The Wise Laboratory of Environmental and Genetic Toxicology

Bowhead Whale Toxicology Studies

Background | Experimental Studies | References | Wise Laboratory Publications | Collaborators | Funding



The bowhead whale is a large whale found in the Artic, and the largest population, the Bering-Chukchi-Beaufort Seas (BCBS) stock, migrates between the eastern Beaufort Sea-Amudsen Gulf in summer and the Bering Sea in the winter. The population of this stock is estimated to be 8,200 and is gradually recovering from commercial hunting pressures in the late 1800's and early 1900's at an annual 3.2% rate of population increase (1). A number of anthropogenic factors have probably played a role in the decline of the bowhead whale population and may be having an impact on its recovery.

However, studying bowhead whale reproductive systems is complicated by the absence of any bowhead whale experimental models. At the start of this project, the only bowhead-specific experimental model was a cell line from bowhead kidney. Cell lines from bowhead ovary and testis did not exist. Thus, it was not possible to directly study the effects of contaminants on bowhead reproductive organs.

Wise Laboratory members in Barrow, Alaska

To create the cell lines needed to build an experimental model, each fall the Wise Laboratory makes a trek to Barrow for several weeks of field work collecting tissues and developing new cell lines. This work is possible because of many collaborators and cooperators who allow the Laboratory to attend the fall hunts of bowhead whales conducted by the natives. The hunters have been kind enough to provide the Laboratory with tissue samples from the organs of a number of individual whales that have now been developed into cell lines. Using these cell lines, investigations can be done that will allow study of the effects of contaminants on bowhead testis and ovaries.  

Eskimo Harvest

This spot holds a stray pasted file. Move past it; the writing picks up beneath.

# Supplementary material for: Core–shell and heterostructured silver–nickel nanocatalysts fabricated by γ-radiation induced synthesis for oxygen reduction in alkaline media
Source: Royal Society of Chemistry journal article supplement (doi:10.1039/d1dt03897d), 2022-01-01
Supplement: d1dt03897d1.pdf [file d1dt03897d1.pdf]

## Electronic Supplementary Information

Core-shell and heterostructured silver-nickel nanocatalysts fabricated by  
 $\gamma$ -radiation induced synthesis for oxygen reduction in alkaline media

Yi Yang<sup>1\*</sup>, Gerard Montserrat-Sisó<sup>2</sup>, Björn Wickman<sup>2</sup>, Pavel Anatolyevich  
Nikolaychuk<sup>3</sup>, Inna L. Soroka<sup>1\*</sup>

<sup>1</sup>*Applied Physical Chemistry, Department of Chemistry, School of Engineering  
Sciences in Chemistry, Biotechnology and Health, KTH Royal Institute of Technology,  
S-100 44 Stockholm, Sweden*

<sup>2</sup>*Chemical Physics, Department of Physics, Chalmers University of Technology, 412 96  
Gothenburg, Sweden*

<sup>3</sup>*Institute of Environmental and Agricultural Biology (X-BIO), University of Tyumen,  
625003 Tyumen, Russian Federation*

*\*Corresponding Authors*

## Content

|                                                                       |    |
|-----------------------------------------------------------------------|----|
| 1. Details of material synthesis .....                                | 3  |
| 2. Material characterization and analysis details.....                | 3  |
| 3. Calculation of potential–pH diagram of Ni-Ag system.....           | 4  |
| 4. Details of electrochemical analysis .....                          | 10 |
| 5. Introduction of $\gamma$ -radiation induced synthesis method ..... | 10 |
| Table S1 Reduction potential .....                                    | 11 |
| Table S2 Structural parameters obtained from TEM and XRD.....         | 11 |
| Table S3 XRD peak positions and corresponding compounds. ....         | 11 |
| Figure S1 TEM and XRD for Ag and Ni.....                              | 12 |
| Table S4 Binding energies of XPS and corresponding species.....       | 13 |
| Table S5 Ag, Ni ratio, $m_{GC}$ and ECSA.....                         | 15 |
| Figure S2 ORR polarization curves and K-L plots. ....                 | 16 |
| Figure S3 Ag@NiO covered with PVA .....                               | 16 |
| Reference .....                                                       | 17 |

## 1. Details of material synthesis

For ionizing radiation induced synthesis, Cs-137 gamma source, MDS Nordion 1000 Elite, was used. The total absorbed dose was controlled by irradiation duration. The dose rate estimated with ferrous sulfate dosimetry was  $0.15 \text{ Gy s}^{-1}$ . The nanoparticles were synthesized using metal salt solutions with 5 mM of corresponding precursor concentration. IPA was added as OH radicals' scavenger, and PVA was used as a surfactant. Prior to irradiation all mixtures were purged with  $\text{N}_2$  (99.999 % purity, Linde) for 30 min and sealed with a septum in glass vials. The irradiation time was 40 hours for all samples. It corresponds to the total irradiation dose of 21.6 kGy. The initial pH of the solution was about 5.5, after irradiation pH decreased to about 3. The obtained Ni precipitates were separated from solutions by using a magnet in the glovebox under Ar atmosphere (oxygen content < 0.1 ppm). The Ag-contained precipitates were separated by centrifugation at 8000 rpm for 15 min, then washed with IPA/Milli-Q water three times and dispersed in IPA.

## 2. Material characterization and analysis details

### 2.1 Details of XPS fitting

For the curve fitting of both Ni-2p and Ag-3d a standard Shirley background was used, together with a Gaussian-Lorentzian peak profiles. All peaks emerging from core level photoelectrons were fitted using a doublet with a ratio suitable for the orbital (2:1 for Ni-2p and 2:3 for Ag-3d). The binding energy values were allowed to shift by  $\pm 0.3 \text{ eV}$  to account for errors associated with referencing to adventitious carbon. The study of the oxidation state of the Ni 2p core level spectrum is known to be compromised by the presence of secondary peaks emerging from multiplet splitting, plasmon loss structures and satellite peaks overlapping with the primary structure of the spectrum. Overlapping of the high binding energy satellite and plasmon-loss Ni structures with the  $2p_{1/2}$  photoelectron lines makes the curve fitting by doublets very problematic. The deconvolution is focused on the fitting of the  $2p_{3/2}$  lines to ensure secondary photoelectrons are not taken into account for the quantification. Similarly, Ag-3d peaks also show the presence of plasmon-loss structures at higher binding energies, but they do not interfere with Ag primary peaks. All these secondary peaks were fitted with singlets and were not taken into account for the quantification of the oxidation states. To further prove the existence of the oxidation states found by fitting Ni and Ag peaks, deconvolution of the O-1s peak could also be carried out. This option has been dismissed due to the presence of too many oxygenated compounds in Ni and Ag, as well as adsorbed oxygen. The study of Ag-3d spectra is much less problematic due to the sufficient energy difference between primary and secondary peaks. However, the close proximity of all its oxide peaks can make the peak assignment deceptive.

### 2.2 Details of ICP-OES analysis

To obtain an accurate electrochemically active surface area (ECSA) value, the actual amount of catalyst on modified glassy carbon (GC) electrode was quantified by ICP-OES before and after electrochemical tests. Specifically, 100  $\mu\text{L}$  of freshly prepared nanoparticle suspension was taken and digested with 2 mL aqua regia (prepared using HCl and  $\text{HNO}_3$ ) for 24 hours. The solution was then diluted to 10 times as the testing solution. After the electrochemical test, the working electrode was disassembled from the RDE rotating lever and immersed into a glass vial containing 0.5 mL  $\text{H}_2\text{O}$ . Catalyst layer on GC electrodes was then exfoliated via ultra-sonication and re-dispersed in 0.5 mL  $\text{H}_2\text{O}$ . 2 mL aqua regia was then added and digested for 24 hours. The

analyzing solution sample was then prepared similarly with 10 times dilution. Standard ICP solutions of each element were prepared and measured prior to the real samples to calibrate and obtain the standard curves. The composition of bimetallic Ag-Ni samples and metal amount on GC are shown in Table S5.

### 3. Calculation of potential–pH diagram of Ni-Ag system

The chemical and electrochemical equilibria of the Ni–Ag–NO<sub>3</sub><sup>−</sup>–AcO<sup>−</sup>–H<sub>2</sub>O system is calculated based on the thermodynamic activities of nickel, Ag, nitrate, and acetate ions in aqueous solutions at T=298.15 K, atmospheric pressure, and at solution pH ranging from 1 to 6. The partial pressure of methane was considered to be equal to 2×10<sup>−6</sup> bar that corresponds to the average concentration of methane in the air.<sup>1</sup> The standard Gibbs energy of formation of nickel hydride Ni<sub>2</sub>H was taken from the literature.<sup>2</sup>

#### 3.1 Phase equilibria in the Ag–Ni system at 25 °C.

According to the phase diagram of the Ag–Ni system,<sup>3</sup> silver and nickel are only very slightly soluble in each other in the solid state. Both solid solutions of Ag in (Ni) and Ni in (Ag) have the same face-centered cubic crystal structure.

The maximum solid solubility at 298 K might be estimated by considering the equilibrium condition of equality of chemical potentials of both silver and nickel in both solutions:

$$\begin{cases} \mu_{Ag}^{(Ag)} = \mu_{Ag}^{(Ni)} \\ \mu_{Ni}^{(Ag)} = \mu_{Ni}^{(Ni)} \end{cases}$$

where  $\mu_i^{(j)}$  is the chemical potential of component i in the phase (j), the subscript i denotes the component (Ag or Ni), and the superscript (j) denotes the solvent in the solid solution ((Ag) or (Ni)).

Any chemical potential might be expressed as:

Bowhead whales are considered perhaps the best animal to compare with right whales, a species that is severely endangered (see ), because they are more closely related to each other than they are to any other marine mammal (2, 3). Thus these studies have important implications for right whales as well.

With the data obtained from these efforts, we will be able to determine: 1) which classes of contaminants damage the reproductive organs of bowhead whales; 2) the sensitivity of reproductive organs compared to somatic tissues (lung and skin); and 3) how bowhead cells compare to right whale cells. Furthermore, this proposal investigates cell lines from animals of different age classes (adult and sub-adult), different genders and multiple individuals from both species.

This work will help us to begin to understand the intra-species differences (age, sex and individual) in the response to the genetic effects of environmental contaminants by using cell lines from each animal. We will also look at the differences between reproductive and somatic tissues.

This study will greatly enhance our knowledge of the physiology and toxicology of the right whale. Moreover, it will create tools (cell lines) that can serve as right whale-specific models, which can be used by other investigators to better understand additional aspects of right whale genetics, physiology, immunology and biochemistry, as well as investigations into the effects of other contaminants and infectious agents.


Experimental Studies